Find out if people are willing to pay for your product idea (use these 5 steps)

Product validation: Don’t start from a MVP. Do this instead!

Zoe Chew
5 min readFeb 28, 2023

This post is one of my 🔥Multi-Part Product Guide series. You may also like my top-rated guides such as — Validate Product Opportunity, Test Willingness To Pay, and Profitable SaaS Ideas. ✍️Join my free newsletter to receive these insights!

The first step in validating a product idea is not to build a MVP. Rather, it is to validate the untested assumptions about the problem and the customer. By validating these two components, you will be able to move closer towards building the right MVP.

Today, I’ll go over the step-by-step process for validating a problem. So that you can figure out whether a problem is worth solving, de-risk your idea, and create something people want to pay for.

Step 1: Problem discovery

Start by exploring your personal interests and experiences.

What problems are you passionate about solving? It can be healthcare, productivity, no-code, workflow automation, and so on.

What pain points have you experienced that a product or service could potentially solve?

Next, write down these problems and rank them by:

  • Intensity: How intense is the problem?
  • Pain level: What is the cost of the problem?
  • Market potential: How big is the problem?

You can use Google Trends, market research and existing statistics to get a sense of the severity of the problems.

Then, narrow down to one to two problems you’re interested in learning more about.

Step 2: Who has the problem?

Now figure out who are the target audience who is experiencing the problem in Step 1.

Remember that one problem can affect multiple types of potential customers.

These customers may have different needs, preferences, and behaviors.

To truly understand who you’re solving the problem for, you want to map out the unique characteristics for each customer segment.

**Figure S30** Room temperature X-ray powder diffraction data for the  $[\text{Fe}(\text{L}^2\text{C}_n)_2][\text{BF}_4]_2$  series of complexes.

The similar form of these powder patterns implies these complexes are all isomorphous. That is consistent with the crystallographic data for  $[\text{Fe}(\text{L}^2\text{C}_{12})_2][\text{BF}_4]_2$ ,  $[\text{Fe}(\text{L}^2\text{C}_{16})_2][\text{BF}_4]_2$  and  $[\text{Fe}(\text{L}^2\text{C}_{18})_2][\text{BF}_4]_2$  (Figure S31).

I’d recommend to prioritize on the customer segment that encounters the problem most frequently. Here are some examples:

Customer Segment 1:

  • Problem: Difficulty losing weight due to lack of time for exercise
  • Target Customer: Busy professionals aged 25–40 who work long hours
  • User Persona: High-income, demanding job, typically eats out, may be willing to pay more for convenience

Customer Segment 2:

  • Problem: Difficulty losing weight due to lack of time for exercise
  • Target Customer: Stay-at-home parents with young children aged 30–45
  • User Persona: prepare homemade meals every day, limited time for fitness activities, may be interested in affordable solutions

Step 3: Create a problem hypothesis

Every unvalidated problem is merely an assumption.

We think that people HAVE this problem, but we could be wrong!

To validate a problem, we need to turn it into a hypothesis statement.

Here’s my template:

🤔 We think that (insert the problem)

🥹 Customer want to (accomplish a task, do certain things, have a need)

🚀 We can verify this by designing a test (insert the experiment you want to run)

✅ If the result is (insert the validated result)

❌ But if the result is (insert the invalidated result)